“Touch is an important part of sculpture to me.”
Von Huenes work can be seen at Mid Coast Hospital, Mt. Ararat Middle School and even on the Penobscot Narrows Bridge.
Von Huenes co-lead the team that built the gleaming white sculpture mentioned earlier — a representation of the schooner Wyoming at Maine Maritime Museum.
There are easier ways to making a living than sculpting, but the challenge is part of the joy Von Huenes finds in his work. And he finds that Maine is the best place for making sculpture.
“The light in Maine is special,” Von Huenes said. “There’s a depth to the sky. And people are approachable. We have cultivated a collegiality amongst ourselves (fellow sculptors). That interconnectedness can be subsumed in a city.”
For von Huenes, art helps people go further in life and beyond their regular routines.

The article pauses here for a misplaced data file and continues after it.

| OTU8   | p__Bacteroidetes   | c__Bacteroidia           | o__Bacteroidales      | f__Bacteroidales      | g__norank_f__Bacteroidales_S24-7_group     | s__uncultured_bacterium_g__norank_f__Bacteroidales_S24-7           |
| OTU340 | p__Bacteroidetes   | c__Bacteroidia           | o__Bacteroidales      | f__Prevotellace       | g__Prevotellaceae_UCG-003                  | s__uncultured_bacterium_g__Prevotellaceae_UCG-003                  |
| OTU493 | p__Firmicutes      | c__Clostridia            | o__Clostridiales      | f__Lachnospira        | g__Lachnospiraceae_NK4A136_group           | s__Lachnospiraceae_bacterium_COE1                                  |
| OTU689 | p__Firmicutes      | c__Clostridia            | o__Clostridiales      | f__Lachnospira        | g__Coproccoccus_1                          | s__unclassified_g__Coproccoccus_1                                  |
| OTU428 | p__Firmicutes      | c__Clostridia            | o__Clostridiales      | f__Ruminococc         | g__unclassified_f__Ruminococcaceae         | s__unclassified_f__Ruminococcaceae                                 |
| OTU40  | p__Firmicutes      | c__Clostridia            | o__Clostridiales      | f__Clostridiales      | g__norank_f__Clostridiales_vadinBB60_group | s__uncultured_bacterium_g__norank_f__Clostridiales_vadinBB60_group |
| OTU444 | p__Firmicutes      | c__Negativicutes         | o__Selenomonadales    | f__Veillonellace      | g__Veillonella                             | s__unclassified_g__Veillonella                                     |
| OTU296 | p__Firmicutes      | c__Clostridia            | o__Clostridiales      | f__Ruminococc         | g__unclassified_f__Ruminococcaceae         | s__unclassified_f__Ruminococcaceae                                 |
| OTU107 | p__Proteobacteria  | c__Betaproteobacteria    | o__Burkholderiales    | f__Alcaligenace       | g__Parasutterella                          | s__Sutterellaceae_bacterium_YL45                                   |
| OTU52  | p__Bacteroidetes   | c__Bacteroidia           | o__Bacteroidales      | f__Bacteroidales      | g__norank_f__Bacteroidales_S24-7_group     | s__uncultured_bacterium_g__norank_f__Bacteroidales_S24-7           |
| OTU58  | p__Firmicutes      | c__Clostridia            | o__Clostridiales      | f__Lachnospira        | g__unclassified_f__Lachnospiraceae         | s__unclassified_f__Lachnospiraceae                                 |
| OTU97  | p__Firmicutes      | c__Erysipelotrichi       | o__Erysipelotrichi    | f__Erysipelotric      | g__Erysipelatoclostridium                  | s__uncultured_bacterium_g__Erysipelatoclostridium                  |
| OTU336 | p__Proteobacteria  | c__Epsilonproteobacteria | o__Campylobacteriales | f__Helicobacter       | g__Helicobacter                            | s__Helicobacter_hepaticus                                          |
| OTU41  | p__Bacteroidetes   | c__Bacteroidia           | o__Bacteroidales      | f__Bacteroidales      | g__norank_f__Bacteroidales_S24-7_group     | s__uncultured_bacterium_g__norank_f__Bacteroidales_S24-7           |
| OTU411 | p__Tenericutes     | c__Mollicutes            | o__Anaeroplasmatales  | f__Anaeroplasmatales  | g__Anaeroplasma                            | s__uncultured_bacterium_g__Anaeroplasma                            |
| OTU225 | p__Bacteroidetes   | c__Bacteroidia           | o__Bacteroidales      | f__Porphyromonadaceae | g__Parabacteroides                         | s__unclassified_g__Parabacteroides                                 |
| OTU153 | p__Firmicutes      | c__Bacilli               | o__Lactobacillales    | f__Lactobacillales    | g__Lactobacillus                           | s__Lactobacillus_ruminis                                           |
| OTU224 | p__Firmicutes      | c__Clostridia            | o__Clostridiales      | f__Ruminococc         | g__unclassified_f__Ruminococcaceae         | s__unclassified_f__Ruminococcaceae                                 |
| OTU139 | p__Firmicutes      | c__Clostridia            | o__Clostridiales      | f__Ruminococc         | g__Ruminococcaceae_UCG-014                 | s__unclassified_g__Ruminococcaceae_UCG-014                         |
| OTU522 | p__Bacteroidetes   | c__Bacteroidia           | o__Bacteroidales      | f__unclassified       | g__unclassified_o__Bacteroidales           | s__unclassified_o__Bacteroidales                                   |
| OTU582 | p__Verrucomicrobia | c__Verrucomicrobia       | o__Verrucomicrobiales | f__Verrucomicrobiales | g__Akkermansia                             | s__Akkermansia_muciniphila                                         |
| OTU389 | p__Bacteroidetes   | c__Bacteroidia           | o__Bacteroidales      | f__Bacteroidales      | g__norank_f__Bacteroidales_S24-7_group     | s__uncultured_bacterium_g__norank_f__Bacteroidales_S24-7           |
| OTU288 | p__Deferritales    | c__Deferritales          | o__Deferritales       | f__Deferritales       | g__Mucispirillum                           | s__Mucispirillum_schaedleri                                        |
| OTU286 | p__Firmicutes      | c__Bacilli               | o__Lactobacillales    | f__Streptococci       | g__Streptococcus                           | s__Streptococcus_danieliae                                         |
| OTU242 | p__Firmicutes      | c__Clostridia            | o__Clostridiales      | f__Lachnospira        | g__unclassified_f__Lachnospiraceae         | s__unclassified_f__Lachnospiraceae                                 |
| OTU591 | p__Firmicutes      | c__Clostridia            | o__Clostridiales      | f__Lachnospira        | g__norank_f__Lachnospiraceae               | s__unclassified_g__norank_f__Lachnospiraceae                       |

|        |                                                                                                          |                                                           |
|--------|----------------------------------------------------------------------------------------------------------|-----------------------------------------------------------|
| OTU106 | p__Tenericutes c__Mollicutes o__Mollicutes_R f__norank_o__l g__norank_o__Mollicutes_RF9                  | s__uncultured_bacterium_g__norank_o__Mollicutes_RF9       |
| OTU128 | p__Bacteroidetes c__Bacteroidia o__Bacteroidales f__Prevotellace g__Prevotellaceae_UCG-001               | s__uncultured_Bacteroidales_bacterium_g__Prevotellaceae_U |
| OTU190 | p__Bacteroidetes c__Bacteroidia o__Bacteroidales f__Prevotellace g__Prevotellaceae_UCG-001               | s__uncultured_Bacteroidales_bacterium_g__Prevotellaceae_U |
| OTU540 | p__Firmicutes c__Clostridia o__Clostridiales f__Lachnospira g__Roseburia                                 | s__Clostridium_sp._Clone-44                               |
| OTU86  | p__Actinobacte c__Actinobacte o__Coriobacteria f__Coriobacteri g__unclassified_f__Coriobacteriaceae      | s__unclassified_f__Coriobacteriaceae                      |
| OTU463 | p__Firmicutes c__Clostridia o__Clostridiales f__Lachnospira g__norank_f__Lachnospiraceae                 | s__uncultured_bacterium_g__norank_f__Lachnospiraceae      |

As to why is it important to expose the public to sculptures, like “The River’s Voice” — Weems has an answer, which lies, in part, in the collaborative nature through which the sculpture is coming together.
“Because beauty is important,” she said. “People working together is important.”
For more information on the fundraising for “The River’s Voice,” visit brunswickpublicart.org.
River’s Voice presentationOctober 28, 2017
On October 25, I presented The River’s Voice, a large scale sculpture proposed for the Brunswick Mall, which is sponsored by Brunswick Public Art. A summary description of the project is in this newspaper article and on the BPA website.
I’m pleased to report that Brunswick Public Art has obtained considerable community support for this project, and has already raised about 20% of the funds needed for completion.
A recording of the presentation is available here.
Parliament conveningOctober 17, 2017
My owls have been well-received and popular. I’ve completed a new owl sculpture, which joins my parliament as Owl Rising II.